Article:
giving thanks.

The smell of sweet honeysuckle drifts through the air.

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I study the plant that will eventually creep up the wire to shade our porch and smile.

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I look at the flowers that line our porch, the food growing in our yard.

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My heart could almost burst from gratefulness.

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A house once broken, now redeemed.

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How long before it would have been condemned?

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But now it sits on it’s corner, shining bright for all to see.

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To remember what it used to be and see what it is.

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And to know, hopefully, Light is there.

Let there be light

We live in a good neighborhood.

In fairness, if you’re driving in from the suburbs, you might be terrified.  It’s not your fault, the neighborhood is intentionally mischaracterized.

A few thousand people live in these blocks that we call home. Most of them are good people. All other things being equal, most of our neighbors will choose an honest living and treat other people with decency and respect. There are some people who go out of their way to do good for others, and some people who go out of their way to take advantage of others if the opportunity presents itself. It’s like any neighborhood in the world in that respect.

But there are a few, less than 50 people by my estimation, that traffic in intimidation, aggression and fear. These people are agents of darkness. They openly sell drugs in the streets, they carry and use guns (sometimes in the direction of other people and sometimes seemingly for no reason at all), they steal or destroy anything that is available to them and habitually and openly use drugs and alcohol.  They actively encourage kids to pursue crime and addiction.

But this group of people is an extreme minority. They represent literally a handful of people among thousands.

If you drove into the neighborhood for the first time, you would likely believe that you were surrounded by these agents of darkness. They have a distinct advantage–they are visible. And they cast the neighborhood in darkness.

They will walk in the middle of the street. They will talk (yell) at ten times the necessary volume. They will park their car in the middle of the road. They will play their music at a level that can’t be comfortable for anyone involved. They will sit on your front steps and smoke a blunt if they want to.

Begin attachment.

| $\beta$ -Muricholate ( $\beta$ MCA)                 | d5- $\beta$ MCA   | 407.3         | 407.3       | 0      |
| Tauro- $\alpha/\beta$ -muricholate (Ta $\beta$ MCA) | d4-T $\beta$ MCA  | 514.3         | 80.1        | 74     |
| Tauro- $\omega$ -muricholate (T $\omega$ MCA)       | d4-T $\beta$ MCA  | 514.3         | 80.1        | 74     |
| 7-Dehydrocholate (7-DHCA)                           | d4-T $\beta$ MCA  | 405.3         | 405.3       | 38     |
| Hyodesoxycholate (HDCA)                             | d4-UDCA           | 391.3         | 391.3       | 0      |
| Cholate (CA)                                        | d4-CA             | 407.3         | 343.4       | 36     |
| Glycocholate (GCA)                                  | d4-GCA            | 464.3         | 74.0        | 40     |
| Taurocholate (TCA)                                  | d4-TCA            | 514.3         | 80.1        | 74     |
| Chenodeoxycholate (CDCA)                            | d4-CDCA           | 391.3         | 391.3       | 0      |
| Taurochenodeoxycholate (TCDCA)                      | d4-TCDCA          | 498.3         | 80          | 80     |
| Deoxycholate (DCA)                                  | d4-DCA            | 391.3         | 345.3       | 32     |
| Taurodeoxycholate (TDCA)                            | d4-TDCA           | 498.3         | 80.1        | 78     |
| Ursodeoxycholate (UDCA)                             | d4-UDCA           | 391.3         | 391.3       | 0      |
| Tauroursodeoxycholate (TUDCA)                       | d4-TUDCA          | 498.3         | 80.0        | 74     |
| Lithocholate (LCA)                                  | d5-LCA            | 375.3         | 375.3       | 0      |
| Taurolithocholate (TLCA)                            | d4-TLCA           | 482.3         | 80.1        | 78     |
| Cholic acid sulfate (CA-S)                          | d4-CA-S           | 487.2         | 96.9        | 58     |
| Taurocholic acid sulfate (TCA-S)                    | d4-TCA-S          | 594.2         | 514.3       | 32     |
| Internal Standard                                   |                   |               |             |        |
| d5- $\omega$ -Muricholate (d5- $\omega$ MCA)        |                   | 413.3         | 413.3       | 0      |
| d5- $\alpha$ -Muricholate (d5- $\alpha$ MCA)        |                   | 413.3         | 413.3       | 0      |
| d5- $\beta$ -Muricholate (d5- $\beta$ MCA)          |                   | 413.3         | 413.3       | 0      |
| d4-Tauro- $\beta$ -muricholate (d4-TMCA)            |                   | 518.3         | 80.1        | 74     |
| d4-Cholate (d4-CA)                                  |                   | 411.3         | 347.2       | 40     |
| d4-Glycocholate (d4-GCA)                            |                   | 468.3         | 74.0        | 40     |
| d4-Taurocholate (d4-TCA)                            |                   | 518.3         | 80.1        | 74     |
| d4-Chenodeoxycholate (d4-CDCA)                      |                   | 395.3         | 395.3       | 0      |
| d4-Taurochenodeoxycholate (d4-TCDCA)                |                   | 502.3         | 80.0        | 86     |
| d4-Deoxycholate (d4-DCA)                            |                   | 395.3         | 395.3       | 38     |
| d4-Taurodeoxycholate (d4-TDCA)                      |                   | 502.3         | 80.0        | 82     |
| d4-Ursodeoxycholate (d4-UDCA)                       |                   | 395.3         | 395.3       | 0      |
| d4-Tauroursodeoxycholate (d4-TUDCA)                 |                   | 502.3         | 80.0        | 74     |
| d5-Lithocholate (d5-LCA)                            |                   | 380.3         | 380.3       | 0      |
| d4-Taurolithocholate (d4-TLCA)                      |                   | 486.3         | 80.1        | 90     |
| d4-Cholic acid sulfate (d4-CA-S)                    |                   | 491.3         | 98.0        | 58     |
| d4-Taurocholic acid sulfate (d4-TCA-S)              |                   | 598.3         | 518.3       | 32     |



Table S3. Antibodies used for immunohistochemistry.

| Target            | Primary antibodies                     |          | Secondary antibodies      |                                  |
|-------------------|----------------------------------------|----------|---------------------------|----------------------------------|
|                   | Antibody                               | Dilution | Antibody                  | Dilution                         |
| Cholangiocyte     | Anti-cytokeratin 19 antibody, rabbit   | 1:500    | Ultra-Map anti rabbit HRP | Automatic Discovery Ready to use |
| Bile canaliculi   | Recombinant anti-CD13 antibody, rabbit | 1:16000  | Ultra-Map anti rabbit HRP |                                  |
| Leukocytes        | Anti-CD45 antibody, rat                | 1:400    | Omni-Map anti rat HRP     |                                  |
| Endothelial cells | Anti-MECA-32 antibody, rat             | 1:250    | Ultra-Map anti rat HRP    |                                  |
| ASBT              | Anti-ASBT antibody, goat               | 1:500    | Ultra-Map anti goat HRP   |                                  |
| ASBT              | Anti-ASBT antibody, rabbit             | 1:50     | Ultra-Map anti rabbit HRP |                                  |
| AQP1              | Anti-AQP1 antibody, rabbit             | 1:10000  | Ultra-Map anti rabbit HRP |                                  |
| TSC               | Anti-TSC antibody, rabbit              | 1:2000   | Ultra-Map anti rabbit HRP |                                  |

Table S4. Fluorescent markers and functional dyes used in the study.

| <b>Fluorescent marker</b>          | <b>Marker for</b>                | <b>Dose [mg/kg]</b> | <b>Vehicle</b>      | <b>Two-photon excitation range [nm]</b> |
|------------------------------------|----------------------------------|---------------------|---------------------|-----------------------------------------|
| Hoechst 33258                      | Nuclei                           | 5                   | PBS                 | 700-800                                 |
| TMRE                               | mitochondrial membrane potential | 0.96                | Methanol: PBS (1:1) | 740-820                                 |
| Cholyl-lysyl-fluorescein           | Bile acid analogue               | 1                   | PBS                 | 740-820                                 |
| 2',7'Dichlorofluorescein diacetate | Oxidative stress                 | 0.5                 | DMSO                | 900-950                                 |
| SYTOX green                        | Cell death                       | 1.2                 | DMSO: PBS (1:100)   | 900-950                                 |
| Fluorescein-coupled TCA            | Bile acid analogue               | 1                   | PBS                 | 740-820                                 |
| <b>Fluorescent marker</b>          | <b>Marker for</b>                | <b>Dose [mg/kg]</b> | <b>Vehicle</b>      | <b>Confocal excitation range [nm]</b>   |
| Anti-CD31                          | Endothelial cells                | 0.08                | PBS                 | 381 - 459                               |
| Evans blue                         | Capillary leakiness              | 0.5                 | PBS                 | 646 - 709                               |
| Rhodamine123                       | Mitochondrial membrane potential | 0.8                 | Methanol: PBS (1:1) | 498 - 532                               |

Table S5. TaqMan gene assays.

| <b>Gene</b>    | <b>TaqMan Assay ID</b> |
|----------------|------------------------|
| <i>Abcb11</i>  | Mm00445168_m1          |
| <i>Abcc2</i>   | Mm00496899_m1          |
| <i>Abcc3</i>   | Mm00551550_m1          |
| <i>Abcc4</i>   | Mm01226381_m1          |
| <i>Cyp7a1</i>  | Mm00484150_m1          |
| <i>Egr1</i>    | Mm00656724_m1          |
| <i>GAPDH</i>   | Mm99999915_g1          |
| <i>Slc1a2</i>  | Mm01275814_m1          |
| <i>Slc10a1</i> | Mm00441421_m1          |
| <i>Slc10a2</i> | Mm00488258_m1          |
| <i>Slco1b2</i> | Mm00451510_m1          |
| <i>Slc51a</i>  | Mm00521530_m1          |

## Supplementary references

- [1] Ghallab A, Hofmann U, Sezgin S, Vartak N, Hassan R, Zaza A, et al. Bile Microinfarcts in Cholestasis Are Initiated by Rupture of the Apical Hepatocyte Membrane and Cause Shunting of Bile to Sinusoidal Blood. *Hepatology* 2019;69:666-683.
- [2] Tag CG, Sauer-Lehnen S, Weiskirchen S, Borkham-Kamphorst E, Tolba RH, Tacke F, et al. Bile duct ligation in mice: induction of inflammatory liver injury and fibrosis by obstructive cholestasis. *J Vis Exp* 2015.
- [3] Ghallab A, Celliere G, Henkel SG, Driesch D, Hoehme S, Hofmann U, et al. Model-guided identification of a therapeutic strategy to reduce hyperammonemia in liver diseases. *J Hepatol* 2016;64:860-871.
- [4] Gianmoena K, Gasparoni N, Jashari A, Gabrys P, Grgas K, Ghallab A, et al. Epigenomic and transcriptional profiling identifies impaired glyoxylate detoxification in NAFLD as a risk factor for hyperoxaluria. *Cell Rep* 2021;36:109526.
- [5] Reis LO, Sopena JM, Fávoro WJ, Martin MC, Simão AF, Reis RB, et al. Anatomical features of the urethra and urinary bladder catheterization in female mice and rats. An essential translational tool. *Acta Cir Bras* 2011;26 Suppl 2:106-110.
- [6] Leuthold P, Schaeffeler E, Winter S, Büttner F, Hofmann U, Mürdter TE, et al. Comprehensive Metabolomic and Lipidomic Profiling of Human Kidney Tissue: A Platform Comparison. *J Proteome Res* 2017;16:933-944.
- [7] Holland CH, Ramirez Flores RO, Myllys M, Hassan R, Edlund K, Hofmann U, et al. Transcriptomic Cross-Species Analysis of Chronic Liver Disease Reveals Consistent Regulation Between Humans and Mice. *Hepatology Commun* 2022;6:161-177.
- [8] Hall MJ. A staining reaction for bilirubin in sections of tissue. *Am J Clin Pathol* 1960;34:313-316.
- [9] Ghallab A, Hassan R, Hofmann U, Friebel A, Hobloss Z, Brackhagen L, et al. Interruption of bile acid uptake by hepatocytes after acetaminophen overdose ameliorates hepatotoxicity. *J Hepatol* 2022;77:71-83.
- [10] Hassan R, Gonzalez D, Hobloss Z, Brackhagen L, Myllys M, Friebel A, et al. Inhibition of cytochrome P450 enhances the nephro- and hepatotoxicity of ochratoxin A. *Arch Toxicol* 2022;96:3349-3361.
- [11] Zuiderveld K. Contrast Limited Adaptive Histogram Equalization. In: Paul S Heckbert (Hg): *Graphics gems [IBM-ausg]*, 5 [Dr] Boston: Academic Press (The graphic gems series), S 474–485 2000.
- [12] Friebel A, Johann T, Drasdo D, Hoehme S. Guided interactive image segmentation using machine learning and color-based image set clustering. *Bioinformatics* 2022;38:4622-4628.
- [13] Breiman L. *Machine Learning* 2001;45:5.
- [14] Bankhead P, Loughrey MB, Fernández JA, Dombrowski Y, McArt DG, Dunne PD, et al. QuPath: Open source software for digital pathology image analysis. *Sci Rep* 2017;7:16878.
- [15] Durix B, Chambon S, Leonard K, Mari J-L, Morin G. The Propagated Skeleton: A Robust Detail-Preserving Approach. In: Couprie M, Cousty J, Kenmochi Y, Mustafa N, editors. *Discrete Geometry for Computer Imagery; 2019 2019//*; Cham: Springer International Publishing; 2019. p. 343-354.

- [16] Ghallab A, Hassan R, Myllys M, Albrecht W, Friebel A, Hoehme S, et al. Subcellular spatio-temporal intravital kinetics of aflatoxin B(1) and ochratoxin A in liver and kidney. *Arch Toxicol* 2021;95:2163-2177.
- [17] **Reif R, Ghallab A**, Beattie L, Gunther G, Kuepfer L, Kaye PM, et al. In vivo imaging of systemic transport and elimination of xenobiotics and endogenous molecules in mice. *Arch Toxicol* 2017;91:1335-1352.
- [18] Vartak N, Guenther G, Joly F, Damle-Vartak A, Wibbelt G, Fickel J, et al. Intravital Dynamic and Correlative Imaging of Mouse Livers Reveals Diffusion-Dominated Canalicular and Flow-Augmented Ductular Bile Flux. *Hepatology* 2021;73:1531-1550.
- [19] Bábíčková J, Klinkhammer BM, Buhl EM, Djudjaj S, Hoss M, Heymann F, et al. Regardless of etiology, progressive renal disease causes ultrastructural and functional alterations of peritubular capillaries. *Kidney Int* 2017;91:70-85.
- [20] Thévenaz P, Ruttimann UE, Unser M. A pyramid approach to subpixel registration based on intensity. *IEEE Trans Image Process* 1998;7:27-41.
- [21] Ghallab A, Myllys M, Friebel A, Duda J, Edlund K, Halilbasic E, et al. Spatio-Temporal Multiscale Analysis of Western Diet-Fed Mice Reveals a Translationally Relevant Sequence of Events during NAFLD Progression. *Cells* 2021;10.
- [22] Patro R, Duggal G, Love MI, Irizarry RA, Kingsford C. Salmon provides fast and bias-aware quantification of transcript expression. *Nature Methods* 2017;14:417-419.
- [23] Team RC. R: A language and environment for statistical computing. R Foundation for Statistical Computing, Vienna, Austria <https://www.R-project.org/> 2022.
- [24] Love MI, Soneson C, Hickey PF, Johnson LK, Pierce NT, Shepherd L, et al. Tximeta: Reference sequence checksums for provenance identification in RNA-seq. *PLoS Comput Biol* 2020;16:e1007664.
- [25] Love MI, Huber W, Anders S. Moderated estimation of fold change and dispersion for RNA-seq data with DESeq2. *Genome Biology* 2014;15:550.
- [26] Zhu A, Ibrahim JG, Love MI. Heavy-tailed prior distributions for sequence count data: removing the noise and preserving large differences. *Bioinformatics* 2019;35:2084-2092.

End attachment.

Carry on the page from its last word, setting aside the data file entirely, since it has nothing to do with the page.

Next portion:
They know something. They know that their power is based on their visibility. They know that their power is only valid for as long as they demonstrate their capacity to put themselves ahead of everyone else in the neighborhood. They are constantly sending an effective message, “We are more important than you,” and they’re yelling it as loudly as they can.  And for the most part, we all believe them.

But there’s a secret. There are more agents of light in this neighborhood than there are agents of darkness. The problem is that we’re hidden, partially out of humility, but more so out of fear. It is time for the agents of light to become visible.

We have a distinct advantage, light trumps darkness. A light can exist amidst darkness, but darkness cannot exist in the light.

Our disadvantage is that it is harder to openly demonstrate light than it is to demonstrate darkness. The mechanism is completely different.

That’s why our community garden is so important. The garden says, “There are people here who care.” When it looks and sounds like darkness surrounds us, the community garden says There is light here too. We are quiet, but we are powerful. We are humble, but we are unstoppable.

But we have to find ways to demonstrate light.  Simply not being darkness isn’t enough.

How many gangsters of darkness does a community garden cancel out? I’m not sure. But I know that the darkness cannot exist in the light. Soon we will see how brightly our community can make this light shine.

We must work together.  We must agree to rise up against the illusion of their power.  We must not allow the agents of darkness to manipulate us into believing that they are the majority.  They’re not.

Be the light. The darker the night, the brighter the stars shine.

You are the light of the world.
-Jesus

gardens. part III.

Almost everyday someone comments on how huge our plants have grown.  Some stop and ask what we have in there.  It feels good to know that perhaps this little garden is making a small impact on this neighborhood.  june2013-0614 june2013-0611

Itty bitty cukes. june2013-0609

Bolita beans (similar to Pinto)june2013-0608

Melons need trellisedjune2013-0604 june2013-0603 june2013-0601 june2013-0598 june2013-0596 june2013-0595 june2013-0592

The grains.  Quinoa in back, amaranth in front.  june2013-0589

Crazy basiljune2013-0583 june2013-0625